Meet the Team
Nina Knight has a master’s degree in English Literature from the University of Texas-Pan American. Her research focused on Young Adult anti-bullying Literature and the Olweus Bullying Prevention Program (OBPP) which has been published in books and journals across the United States. She is currently serving as a full-time English faculty member at the Saginaw Chippewa Tribal College where she continues to help students create positive relationships through books and service-learning.
Gordon Henry is an enrolled member of the White Earth Anishinaabe Nation in Minnesota.
Dr. Henry is also a Professor in the English Department at Michigan State University, where he teaches American Indian Literature, Creative Writing and the Creative Process, in Integrative Arts and Humanities.
He serves as Senior Editor of the American Indian Studies Series (and the series sub-imprint Mukwa Enewed) at Michigan State University Press. Under his editorship the AISS has published research and creative work by an array of scholars, working in a variety of disciplines, related to the larger field of American Indian Studies.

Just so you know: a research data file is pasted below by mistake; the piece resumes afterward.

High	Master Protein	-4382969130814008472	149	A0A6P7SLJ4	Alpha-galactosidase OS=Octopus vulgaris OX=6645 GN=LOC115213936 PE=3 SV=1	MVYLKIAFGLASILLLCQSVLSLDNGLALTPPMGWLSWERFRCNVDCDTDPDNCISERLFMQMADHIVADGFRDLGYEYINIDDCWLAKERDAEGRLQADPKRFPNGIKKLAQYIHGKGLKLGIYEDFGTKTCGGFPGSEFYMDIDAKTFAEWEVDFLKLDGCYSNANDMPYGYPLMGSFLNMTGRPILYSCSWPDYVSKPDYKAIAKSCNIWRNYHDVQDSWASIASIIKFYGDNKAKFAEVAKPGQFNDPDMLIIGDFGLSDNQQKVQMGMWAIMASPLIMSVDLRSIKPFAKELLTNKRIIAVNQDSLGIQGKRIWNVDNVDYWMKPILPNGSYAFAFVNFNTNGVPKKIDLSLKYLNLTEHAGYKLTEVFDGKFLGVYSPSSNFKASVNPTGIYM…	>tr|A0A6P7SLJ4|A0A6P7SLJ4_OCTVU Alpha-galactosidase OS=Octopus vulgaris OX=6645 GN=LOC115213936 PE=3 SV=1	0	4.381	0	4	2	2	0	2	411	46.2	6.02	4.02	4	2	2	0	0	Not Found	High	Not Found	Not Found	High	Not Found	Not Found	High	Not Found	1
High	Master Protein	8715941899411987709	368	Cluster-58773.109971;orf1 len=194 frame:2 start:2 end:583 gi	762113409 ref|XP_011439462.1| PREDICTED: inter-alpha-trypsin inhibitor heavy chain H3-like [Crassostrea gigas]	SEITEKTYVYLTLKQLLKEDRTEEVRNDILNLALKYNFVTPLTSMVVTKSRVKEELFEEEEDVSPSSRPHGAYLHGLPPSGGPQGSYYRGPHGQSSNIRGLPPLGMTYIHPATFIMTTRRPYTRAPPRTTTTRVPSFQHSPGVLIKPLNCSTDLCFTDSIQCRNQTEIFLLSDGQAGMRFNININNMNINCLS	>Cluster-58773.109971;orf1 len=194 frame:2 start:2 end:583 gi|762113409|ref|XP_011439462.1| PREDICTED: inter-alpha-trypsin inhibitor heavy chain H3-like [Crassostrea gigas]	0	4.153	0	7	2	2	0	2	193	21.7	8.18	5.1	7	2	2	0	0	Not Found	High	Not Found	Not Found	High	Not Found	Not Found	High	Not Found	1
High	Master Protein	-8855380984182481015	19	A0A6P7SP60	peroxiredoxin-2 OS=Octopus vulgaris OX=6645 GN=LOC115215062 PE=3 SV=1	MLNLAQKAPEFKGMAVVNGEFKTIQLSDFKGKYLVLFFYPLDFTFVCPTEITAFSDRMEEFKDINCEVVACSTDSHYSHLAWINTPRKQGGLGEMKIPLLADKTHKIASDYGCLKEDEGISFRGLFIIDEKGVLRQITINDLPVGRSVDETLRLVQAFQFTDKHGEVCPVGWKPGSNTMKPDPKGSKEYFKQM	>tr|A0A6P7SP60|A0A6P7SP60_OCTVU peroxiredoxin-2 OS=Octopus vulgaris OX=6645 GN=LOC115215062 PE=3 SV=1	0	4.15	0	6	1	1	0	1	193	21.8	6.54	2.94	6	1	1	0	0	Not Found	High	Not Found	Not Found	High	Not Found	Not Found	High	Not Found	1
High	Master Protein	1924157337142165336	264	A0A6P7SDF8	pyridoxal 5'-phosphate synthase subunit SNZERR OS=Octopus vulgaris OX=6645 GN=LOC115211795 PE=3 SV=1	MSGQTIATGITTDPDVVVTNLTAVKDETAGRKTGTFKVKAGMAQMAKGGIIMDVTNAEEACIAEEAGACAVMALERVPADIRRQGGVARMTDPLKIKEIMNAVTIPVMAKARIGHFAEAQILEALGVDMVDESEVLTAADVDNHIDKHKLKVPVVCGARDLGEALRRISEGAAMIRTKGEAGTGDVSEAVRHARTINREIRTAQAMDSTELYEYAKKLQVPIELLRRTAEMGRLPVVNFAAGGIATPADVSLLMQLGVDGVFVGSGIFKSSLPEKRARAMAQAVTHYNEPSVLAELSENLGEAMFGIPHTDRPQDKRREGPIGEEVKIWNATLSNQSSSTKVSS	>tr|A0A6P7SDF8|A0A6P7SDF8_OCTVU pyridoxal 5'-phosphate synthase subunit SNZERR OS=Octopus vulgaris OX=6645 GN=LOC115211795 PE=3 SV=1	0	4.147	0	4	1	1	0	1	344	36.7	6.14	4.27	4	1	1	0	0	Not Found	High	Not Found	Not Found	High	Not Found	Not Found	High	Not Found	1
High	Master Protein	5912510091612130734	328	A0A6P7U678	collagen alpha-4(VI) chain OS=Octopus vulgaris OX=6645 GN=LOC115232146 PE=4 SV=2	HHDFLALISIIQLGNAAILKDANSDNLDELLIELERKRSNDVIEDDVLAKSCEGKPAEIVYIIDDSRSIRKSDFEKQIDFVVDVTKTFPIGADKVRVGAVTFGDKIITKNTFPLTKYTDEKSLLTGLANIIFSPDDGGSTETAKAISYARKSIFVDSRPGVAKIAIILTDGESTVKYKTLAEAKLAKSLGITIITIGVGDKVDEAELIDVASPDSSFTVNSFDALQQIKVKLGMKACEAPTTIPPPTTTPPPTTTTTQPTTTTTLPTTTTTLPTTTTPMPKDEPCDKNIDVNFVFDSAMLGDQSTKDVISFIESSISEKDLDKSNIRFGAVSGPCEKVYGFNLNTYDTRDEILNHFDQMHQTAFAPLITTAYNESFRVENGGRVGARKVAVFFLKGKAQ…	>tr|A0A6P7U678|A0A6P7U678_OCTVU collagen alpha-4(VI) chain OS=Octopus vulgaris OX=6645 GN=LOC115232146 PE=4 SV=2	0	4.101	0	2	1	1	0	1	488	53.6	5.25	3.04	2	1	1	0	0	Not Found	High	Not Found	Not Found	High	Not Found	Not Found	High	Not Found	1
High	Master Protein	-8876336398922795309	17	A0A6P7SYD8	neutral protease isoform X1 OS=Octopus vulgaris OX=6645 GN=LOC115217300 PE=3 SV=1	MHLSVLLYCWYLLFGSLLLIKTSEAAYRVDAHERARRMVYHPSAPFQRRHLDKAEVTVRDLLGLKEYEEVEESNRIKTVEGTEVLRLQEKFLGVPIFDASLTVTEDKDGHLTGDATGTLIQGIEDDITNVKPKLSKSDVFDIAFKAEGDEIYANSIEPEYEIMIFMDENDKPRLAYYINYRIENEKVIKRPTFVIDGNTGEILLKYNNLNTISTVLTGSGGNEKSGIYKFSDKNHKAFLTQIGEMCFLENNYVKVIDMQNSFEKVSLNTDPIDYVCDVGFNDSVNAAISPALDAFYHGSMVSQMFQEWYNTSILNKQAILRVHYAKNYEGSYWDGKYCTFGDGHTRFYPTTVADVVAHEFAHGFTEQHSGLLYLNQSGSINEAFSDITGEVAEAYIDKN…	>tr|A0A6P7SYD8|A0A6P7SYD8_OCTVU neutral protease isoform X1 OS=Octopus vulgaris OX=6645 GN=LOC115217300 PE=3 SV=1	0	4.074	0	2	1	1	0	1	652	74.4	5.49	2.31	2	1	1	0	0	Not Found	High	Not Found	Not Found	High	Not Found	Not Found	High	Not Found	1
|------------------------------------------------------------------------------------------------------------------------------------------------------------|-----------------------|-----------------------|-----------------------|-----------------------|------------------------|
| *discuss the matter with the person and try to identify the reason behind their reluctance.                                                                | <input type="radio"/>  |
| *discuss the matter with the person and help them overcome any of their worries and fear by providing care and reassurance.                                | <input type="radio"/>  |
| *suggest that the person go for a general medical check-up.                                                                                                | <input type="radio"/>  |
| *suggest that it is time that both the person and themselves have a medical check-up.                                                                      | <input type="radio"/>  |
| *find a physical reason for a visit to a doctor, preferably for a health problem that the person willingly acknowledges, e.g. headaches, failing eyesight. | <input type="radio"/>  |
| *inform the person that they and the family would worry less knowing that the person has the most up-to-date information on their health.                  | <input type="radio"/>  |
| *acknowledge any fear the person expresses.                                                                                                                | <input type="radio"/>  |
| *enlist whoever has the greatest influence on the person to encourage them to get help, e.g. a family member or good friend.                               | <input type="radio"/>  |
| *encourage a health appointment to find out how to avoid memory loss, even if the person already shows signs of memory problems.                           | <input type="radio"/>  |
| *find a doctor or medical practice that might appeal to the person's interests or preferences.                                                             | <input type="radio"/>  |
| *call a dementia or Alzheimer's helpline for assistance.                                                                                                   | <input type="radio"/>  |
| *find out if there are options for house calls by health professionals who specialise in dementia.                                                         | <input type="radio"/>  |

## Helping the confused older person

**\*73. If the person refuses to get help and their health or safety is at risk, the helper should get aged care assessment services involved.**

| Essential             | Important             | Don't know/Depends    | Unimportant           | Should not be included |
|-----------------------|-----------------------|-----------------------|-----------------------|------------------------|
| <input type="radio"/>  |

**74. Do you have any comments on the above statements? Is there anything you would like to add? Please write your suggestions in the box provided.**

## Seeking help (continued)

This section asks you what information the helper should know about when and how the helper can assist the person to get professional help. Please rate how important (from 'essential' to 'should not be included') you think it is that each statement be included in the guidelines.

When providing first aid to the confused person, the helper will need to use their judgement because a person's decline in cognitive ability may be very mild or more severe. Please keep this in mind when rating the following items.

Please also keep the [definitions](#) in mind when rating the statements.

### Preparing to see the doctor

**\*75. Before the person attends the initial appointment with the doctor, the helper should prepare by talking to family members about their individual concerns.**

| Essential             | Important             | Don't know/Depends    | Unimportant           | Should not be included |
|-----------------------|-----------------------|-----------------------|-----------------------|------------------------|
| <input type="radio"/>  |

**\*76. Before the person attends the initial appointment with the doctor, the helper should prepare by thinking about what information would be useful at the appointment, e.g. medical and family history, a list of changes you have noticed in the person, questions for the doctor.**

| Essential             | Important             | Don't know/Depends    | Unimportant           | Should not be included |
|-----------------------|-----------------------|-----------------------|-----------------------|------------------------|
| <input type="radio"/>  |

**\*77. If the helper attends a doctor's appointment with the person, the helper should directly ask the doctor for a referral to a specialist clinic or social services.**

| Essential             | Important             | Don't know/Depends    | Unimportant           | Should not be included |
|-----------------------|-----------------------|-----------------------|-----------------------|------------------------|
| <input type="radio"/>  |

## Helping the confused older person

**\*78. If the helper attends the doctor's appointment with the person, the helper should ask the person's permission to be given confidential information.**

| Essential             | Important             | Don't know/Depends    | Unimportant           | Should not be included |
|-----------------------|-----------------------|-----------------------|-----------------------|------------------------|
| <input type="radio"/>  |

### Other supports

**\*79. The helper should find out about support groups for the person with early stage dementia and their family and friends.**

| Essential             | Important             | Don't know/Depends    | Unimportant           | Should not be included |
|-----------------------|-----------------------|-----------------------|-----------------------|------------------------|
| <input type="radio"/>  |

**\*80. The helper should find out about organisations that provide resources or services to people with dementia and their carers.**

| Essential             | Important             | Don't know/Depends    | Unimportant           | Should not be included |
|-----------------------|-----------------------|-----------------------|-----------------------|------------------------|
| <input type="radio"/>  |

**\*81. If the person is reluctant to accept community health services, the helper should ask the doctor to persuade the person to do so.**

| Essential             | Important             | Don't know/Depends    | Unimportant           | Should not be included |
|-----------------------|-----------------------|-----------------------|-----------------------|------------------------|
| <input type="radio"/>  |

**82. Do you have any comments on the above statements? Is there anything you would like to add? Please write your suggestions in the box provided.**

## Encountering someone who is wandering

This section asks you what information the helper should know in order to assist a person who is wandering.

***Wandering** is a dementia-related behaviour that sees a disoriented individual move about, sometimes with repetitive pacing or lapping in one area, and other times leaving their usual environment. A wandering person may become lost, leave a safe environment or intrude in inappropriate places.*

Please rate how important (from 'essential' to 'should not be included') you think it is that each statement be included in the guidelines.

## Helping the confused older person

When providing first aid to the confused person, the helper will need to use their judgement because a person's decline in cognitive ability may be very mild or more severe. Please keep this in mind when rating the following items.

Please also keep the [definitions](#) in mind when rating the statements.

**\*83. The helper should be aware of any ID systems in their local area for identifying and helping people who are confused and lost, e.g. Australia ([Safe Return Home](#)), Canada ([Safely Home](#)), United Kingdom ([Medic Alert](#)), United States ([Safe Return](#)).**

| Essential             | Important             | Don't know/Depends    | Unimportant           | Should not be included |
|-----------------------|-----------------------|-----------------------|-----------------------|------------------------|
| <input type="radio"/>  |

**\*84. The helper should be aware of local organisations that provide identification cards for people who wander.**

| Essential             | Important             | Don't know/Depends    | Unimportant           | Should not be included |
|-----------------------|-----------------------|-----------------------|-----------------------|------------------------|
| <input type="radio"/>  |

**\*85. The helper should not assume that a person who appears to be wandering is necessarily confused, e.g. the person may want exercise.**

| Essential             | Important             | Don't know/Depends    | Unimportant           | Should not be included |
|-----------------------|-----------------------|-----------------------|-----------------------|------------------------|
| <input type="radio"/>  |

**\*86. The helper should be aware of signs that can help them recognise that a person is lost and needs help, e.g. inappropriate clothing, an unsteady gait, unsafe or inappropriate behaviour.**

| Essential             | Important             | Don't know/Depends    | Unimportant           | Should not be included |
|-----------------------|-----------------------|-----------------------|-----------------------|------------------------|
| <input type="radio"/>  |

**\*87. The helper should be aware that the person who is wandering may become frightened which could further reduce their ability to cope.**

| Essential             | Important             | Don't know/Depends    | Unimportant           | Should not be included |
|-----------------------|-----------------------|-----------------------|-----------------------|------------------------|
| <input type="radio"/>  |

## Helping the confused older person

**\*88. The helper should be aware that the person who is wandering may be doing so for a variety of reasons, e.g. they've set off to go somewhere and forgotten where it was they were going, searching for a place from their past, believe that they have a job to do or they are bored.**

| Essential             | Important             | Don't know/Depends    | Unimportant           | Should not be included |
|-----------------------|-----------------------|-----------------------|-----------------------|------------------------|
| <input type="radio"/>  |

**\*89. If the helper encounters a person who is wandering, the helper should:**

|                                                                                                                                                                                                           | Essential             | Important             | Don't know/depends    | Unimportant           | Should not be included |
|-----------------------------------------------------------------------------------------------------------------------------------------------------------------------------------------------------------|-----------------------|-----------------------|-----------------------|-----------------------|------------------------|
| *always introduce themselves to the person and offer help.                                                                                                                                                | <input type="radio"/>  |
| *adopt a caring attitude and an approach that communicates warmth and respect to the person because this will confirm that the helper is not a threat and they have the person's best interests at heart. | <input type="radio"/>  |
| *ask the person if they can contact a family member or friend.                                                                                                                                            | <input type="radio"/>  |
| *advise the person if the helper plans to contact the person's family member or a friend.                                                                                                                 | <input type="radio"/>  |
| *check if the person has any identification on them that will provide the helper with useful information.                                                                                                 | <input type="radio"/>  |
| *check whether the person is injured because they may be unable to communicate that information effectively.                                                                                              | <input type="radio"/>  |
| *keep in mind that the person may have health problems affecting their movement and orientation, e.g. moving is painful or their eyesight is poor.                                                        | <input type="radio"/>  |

Five years ago, while serving as Director of the Native American Institute at Michigan State, he founded, along with Ellen Cushman, the Native American Youth Film Institute. As an offshoot of that project Professor Henry is working with the NAI and the Michigan Inter-Tribal Council, on Indigistory, a community based digital storytelling project.
Gordon is also a published poet and fiction writer. In 1995 he received an American Book Award for his novel the Light People and his poetry, fiction and essays have been published extensively, in the U.S. and Europe.
Over twenty years ago, Francis Cree and Louis Cree from Turtle Mountain, North Dakota asked Gordon to work as an oshkaabewis, or helper, for the Niibaagway shimowin and other Anishinaabe ceremonies. He has participated in, and assisted with, those ceremonial practices for over thirty years.